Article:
In my lecture guidée pack, you will find a collection of cards that show a picture of an object that has 2-3 phonemes (I personally printed them in black and white on coloured card stock - yellow for two phonemes and blue for 3, but they are available in colour as well). There are also snake mats with 2-3 squares on them. I get my students to draw a card and name the picture out loud (in this case a « rat »).

Then, they identify the first sound and say it (rrrrrrrrrr) while sliding up the first manipulative. In these pictures, we are using magnetic Bingo chips that I ordered from Amazon. They are our favourite! You can also use seasonal erasers, regular Bingo chips, or anything else they can slide.

Next, each student says the second sound (aaaaaaa), and slides up the second manipulative. This part can be really tricky, and I often have to get my students to do it over and over until they really segment it properly! They often want to say « rrrrrrr, rrrrrraaaa » and blend too soon. It's really important that they segment each sound! This big time helps them hear multiple sounds in words when they are writing.

Finally, they blend the word together and say the whole thing: « rat! ». I have magnetic "magic" wands that I also got from Amazon that they use for this part. When they sweep the wand from left to right, blending their sounds, the wand picks up their Bingo chips. It is truly magical hahaha. They get so pumped!! If you are using another kind of manipulative, they would sweep their hand left to right, picking them up while blending the word.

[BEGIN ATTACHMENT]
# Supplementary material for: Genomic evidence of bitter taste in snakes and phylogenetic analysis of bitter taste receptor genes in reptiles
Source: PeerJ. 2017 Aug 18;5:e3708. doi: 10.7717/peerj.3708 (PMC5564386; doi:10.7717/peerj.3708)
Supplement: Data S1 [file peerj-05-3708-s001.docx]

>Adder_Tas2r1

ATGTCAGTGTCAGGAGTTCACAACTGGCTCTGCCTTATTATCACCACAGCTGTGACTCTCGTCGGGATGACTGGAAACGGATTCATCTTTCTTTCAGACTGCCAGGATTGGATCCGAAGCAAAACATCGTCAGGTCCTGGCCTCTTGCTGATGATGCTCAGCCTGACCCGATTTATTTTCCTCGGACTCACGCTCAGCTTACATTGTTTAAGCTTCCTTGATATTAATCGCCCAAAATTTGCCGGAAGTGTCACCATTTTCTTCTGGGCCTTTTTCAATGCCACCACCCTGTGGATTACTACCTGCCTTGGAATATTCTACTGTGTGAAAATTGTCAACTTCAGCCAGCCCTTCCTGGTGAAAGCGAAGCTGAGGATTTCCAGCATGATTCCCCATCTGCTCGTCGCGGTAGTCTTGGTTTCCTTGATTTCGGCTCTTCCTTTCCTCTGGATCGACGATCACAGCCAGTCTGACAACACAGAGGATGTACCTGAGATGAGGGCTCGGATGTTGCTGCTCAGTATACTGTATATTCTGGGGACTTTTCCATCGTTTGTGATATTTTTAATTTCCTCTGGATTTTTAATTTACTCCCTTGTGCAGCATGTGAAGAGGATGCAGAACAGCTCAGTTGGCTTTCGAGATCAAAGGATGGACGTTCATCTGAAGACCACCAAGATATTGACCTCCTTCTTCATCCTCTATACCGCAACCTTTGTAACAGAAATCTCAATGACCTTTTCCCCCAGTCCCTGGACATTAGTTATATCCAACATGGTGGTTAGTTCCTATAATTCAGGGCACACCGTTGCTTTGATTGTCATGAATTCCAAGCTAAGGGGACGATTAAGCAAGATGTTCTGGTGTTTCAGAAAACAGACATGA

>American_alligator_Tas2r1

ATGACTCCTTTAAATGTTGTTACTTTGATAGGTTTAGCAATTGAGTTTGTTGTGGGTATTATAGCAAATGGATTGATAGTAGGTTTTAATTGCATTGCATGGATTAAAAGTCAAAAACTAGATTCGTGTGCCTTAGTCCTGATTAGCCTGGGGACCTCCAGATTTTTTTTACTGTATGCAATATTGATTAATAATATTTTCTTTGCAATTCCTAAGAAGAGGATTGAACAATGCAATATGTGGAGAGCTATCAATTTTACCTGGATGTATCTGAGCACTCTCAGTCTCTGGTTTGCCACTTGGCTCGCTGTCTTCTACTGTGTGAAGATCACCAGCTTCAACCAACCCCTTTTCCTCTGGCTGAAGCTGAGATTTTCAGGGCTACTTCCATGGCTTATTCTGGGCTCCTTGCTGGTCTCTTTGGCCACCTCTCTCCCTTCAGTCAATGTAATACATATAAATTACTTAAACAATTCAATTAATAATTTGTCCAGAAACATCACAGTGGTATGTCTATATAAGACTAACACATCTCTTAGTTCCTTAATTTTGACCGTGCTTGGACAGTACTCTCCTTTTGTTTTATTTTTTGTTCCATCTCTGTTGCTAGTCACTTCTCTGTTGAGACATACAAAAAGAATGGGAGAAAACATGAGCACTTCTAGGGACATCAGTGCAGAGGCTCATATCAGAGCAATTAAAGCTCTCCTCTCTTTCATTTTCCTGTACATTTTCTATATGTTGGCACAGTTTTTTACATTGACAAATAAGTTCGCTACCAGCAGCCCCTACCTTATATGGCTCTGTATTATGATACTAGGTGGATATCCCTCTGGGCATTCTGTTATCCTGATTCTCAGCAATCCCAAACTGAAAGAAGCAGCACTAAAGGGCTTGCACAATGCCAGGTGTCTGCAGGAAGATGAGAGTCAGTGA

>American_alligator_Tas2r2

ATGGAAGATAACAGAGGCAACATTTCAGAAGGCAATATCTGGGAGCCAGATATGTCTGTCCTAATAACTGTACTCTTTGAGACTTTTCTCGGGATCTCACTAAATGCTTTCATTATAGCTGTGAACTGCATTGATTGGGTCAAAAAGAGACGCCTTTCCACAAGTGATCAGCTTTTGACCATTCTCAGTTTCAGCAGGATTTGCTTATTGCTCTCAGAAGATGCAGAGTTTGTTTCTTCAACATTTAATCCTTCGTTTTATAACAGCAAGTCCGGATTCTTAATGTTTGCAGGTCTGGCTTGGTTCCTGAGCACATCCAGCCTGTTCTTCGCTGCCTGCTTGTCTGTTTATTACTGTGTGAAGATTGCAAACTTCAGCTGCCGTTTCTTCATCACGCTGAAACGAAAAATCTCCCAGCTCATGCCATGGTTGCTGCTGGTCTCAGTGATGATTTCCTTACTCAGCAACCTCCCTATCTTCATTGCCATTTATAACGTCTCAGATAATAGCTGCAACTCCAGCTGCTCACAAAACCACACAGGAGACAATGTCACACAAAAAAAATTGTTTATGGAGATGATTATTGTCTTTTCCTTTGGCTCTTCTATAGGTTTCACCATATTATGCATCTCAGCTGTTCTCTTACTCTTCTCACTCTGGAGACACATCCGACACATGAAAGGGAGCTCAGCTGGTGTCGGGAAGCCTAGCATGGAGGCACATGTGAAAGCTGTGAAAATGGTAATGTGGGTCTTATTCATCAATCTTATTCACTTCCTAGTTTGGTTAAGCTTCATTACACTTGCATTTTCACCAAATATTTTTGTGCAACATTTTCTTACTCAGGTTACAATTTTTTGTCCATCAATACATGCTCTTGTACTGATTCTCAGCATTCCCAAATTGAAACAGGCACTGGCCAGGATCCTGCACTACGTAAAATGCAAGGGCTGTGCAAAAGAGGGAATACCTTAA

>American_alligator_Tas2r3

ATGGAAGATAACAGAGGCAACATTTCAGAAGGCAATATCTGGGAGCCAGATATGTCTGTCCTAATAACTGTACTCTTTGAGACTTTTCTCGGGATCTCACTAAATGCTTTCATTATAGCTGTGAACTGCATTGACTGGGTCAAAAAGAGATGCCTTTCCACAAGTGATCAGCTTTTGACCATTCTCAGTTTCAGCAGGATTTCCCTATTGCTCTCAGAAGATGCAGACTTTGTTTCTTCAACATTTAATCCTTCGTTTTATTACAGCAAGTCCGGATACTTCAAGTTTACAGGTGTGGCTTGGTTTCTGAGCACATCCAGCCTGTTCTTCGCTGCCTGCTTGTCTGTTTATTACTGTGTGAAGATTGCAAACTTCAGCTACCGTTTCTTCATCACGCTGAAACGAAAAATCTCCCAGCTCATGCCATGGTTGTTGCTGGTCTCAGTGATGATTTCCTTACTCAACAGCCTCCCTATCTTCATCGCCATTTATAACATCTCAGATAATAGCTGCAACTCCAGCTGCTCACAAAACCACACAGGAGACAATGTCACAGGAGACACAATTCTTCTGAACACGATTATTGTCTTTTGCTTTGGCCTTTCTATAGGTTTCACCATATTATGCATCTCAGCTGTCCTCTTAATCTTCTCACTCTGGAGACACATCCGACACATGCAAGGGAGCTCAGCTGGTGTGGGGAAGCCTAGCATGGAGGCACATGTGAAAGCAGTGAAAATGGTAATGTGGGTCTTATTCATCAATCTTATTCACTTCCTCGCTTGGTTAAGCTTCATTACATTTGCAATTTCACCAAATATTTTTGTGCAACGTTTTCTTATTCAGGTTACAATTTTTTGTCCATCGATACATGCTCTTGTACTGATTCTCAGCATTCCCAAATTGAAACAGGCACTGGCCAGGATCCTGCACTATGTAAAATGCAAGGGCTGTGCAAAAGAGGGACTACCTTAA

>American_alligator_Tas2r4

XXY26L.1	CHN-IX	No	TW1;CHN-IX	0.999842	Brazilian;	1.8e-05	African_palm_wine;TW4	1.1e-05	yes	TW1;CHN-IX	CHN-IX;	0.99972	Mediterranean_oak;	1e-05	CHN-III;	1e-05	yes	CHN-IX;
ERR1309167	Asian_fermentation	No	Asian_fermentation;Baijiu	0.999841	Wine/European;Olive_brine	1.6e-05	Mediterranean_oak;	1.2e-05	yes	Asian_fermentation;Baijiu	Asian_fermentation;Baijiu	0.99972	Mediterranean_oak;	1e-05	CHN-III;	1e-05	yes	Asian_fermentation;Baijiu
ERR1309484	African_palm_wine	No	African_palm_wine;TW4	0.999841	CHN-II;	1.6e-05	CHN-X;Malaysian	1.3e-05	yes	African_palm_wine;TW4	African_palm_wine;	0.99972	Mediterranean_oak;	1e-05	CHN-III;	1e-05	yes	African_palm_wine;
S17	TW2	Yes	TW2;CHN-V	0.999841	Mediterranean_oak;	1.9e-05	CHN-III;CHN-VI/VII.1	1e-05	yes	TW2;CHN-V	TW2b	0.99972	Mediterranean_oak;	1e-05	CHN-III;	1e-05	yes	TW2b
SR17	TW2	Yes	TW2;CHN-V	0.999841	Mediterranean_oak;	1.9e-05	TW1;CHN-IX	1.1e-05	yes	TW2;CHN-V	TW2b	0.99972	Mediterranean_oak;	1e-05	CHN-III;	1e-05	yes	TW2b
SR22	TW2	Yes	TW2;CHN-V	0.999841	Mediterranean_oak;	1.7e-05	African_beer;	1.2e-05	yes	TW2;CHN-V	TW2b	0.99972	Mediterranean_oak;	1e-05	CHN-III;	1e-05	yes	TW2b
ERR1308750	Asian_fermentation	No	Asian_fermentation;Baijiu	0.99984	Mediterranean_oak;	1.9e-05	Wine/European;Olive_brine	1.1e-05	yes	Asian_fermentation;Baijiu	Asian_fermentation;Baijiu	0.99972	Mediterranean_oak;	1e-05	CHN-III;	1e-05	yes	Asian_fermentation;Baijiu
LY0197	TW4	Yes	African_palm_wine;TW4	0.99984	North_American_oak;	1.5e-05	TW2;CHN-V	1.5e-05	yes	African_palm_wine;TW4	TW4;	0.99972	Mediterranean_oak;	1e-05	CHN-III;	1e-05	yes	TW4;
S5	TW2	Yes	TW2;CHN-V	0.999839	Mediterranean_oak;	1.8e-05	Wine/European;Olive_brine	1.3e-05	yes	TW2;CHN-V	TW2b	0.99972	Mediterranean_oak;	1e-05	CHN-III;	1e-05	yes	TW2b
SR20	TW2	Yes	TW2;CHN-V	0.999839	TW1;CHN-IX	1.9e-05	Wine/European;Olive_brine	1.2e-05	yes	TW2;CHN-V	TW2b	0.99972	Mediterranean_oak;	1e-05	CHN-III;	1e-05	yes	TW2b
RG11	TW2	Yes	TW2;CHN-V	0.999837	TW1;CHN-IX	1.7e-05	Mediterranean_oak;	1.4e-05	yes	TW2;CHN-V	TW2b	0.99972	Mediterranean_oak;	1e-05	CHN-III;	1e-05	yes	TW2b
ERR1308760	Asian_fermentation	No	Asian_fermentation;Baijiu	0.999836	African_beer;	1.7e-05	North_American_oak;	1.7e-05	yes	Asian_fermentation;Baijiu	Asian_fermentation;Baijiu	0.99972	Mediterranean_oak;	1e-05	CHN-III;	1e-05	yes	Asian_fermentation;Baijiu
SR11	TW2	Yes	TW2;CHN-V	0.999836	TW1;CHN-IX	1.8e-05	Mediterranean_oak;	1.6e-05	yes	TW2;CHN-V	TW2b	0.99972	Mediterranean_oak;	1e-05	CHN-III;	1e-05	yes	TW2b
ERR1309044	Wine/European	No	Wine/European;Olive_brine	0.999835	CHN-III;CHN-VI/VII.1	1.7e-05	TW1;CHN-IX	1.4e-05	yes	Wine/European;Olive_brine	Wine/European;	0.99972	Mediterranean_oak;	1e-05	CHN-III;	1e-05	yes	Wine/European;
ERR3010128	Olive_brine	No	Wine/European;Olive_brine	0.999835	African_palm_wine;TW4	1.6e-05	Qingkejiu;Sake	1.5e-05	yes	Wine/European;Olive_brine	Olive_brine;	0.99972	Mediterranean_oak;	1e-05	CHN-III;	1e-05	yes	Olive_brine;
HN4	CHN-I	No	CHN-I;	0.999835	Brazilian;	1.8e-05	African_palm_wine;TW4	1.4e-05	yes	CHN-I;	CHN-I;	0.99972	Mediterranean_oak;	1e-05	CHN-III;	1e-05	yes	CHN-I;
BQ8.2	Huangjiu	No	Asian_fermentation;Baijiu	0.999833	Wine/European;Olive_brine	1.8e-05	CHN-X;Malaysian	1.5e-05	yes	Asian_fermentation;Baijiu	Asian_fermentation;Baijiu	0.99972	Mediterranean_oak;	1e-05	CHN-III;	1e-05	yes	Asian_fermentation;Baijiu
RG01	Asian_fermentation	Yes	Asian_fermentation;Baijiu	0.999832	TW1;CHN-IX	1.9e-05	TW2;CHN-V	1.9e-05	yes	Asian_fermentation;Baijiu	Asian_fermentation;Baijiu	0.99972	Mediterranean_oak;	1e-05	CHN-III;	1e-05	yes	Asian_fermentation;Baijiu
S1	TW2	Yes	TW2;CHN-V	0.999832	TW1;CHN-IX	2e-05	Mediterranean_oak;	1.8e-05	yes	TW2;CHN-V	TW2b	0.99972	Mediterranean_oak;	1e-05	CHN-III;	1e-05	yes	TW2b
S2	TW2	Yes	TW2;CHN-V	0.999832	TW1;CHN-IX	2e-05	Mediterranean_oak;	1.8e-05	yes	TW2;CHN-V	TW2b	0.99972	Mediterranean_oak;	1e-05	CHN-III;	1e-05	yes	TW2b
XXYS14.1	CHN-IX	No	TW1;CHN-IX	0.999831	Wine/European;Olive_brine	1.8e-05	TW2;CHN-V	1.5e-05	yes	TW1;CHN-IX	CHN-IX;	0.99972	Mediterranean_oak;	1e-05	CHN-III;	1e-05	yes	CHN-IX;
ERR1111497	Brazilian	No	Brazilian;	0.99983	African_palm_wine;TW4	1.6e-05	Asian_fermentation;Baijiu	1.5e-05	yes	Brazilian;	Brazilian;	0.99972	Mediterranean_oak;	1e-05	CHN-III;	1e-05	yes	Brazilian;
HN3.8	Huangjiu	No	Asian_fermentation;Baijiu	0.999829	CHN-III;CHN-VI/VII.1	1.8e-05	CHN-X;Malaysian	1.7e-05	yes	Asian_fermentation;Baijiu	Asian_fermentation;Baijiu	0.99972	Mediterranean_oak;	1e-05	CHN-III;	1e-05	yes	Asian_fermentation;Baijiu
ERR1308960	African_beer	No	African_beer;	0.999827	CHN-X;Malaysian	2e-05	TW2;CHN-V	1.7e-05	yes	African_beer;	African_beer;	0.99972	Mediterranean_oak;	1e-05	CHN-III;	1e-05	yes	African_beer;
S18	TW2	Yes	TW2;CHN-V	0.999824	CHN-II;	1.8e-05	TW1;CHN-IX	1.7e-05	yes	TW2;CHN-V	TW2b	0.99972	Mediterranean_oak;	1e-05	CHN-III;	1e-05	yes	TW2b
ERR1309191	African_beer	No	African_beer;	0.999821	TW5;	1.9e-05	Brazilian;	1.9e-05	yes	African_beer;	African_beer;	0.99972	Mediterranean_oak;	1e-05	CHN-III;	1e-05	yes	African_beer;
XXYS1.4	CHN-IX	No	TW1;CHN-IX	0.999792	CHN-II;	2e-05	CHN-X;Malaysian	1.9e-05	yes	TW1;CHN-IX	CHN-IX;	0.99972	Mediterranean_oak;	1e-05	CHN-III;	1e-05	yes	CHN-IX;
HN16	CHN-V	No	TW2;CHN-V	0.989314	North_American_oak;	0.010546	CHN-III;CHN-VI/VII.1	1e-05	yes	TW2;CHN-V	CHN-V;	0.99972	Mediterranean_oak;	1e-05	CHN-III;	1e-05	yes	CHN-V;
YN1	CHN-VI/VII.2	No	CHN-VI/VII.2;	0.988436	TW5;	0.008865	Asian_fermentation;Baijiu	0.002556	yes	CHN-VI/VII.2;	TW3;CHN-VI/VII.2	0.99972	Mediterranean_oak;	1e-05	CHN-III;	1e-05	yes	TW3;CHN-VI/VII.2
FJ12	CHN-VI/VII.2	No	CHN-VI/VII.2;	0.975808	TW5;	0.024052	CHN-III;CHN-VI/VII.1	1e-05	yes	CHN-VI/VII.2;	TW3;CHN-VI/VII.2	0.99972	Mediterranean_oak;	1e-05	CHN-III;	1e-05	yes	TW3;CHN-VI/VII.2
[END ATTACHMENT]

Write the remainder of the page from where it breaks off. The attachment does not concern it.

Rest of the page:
Once they get really good at 2 phonemes, we move onto 3! You can also do this activity with slinkies. They pull the slinky apart while segmenting, then push it back together to blend. Another big hit!

3. Étire le mot lentement avec le serpent
Now we are getting into decoding. This takes LOTS of practice. Unfortunately, in French, there are far fewer simple, common words that students can practice decoding that don't have silent letters and sons composés. I start with two letter words (which happily there are quite a few of). I like to use magnetic letters on a cookie sheet for this. Mine are colour coded - blue for consonants, red for vowels. I give them a few letters (for example a, v, t, m, s) and ask them to put all the blue letters on one side of the sheet and the reds on the other. Then I say a word out loud (va). They repeat the word s-l-o-w-l-y like a snake, and slide the correct letters together. You can also use the snake mats and white board markers and get your kiddos to write the letters they hear, one at a time, if you don't have magnetic letters.